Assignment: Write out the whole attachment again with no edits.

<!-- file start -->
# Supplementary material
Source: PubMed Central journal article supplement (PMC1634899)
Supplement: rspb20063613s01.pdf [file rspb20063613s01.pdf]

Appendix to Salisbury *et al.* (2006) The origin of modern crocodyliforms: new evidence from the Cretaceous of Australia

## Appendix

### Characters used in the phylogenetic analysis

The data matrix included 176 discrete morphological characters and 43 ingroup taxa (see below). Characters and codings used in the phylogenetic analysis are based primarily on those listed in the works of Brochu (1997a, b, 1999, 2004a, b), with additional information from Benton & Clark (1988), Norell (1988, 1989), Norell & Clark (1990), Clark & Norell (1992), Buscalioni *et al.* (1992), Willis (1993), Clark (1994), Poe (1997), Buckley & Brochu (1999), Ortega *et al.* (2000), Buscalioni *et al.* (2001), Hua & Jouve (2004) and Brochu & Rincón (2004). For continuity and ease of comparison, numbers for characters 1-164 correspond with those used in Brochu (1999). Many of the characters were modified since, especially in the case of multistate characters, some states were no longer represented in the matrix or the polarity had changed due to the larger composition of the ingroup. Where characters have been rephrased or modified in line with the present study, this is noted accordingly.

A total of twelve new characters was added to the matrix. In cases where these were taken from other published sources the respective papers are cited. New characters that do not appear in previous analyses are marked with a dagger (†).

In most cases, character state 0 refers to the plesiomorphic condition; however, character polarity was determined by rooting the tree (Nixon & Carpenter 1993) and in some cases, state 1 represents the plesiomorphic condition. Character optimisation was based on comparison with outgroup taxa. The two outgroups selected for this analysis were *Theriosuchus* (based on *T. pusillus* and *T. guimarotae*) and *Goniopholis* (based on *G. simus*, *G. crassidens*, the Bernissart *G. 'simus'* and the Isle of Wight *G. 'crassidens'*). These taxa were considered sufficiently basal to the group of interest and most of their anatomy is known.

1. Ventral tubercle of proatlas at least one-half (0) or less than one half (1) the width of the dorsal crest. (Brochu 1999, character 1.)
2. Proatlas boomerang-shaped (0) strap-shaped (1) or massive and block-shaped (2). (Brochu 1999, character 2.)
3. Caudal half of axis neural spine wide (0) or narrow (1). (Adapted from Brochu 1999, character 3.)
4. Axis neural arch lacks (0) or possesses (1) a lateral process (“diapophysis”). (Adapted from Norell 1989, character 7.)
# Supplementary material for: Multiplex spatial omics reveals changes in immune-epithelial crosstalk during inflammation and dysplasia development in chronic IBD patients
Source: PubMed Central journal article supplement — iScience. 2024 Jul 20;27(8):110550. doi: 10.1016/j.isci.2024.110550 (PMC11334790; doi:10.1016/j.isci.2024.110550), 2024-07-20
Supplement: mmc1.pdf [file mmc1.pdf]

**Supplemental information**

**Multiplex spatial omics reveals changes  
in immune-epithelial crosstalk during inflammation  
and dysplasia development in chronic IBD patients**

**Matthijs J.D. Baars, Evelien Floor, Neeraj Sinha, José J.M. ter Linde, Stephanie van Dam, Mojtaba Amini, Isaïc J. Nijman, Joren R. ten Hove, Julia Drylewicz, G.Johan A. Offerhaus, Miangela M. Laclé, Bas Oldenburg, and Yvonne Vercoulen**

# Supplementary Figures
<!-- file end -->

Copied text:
# Supplementary material
Source: PubMed Central journal article supplement (PMC1634899)
Supplement: rspb20063613s01.pdf [file rspb20063613s01.pdf]

Appendix to Salisbury *et al.* (2006) The origin of modern crocodyliforms: new evidence from the Cretaceous of Australia

## Appendix

### Characters used in the phylogenetic analysis

The data matrix included 176 discrete morphological characters and 43 ingroup taxa (see below). Characters and codings used in the phylogenetic analysis are based primarily on those listed in the works of Brochu (1997a, b, 1999, 2004a, b), with additional information from Benton & Clark (1988), Norell (1988, 1989), Norell & Clark (1990), Clark & Norell (1992), Buscalioni *et al.* (1992), Willis (1993), Clark (1994), Poe (1997), Buckley & Brochu (1999), Ortega *et al.* (2000), Buscalioni *et al.* (2001), Hua & Jouve (2004) and Brochu & Rincón (2004). For continuity and ease of comparison, numbers for characters 1-164 correspond with those used in Brochu (1999). Many of the characters were modified since, especially in the case of multistate characters, some states were no longer represented in the matrix or the polarity had changed due to the larger composition of the ingroup. Where characters have been rephrased or modified in line with the present study, this is noted accordingly.

A total of twelve new characters was added to the matrix. In cases where these were taken from other published sources the respective papers are cited. New characters that do not appear in previous analyses are marked with a dagger (†).

In most cases, character state 0 refers to the plesiomorphic condition; however, character polarity was determined by rooting the tree (Nixon & Carpenter 1993) and in some cases, state 1 represents the plesiomorphic condition. Character optimisation was based on comparison with outgroup taxa. The two outgroups selected for this analysis were *Theriosuchus* (based on *T. pusillus* and *T. guimarotae*) and *Goniopholis* (based on *G. simus*, *G. crassidens*, the Bernissart *G. 'simus'* and the Isle of Wight *G. 'crassidens'*). These taxa were considered sufficiently basal to the group of interest and most of their anatomy is known.

1. Ventral tubercle of proatlas at least one-half (0) or less than one half (1) the width of the dorsal crest. (Brochu 1999, character 1.)
2. Proatlas boomerang-shaped (0) strap-shaped (1) or massive and block-shaped (2). (Brochu 1999, character 2.)
3. Caudal half of axis neural spine wide (0) or narrow (1). (Adapted from Brochu 1999, character 3.)
4. Axis neural arch lacks (0) or possesses (1) a lateral process (“diapophysis”). (Adapted from Norell 1989, character 7.)
# Supplementary material for: Multiplex spatial omics reveals changes in immune-epithelial crosstalk during inflammation and dysplasia development in chronic IBD patients
Source: PubMed Central journal article supplement — iScience. 2024 Jul 20;27(8):110550. doi: 10.1016/j.isci.2024.110550 (PMC11334790; doi:10.1016/j.isci.2024.110550), 2024-07-20
Supplement: mmc1.pdf [file mmc1.pdf]

**Supplemental information**

**Multiplex spatial omics reveals changes  
in immune-epithelial crosstalk during inflammation  
and dysplasia development in chronic IBD patients**

**Matthijs J.D. Baars, Evelien Floor, Neeraj Sinha, José J.M. ter Linde, Stephanie van Dam, Mojtaba Amini, Isaïc J. Nijman, Joren R. ten Hove, Julia Drylewicz, G.Johan A. Offerhaus, Miangela M. Laclé, Bas Oldenburg, and Yvonne Vercoulen**

# Supplementary Figures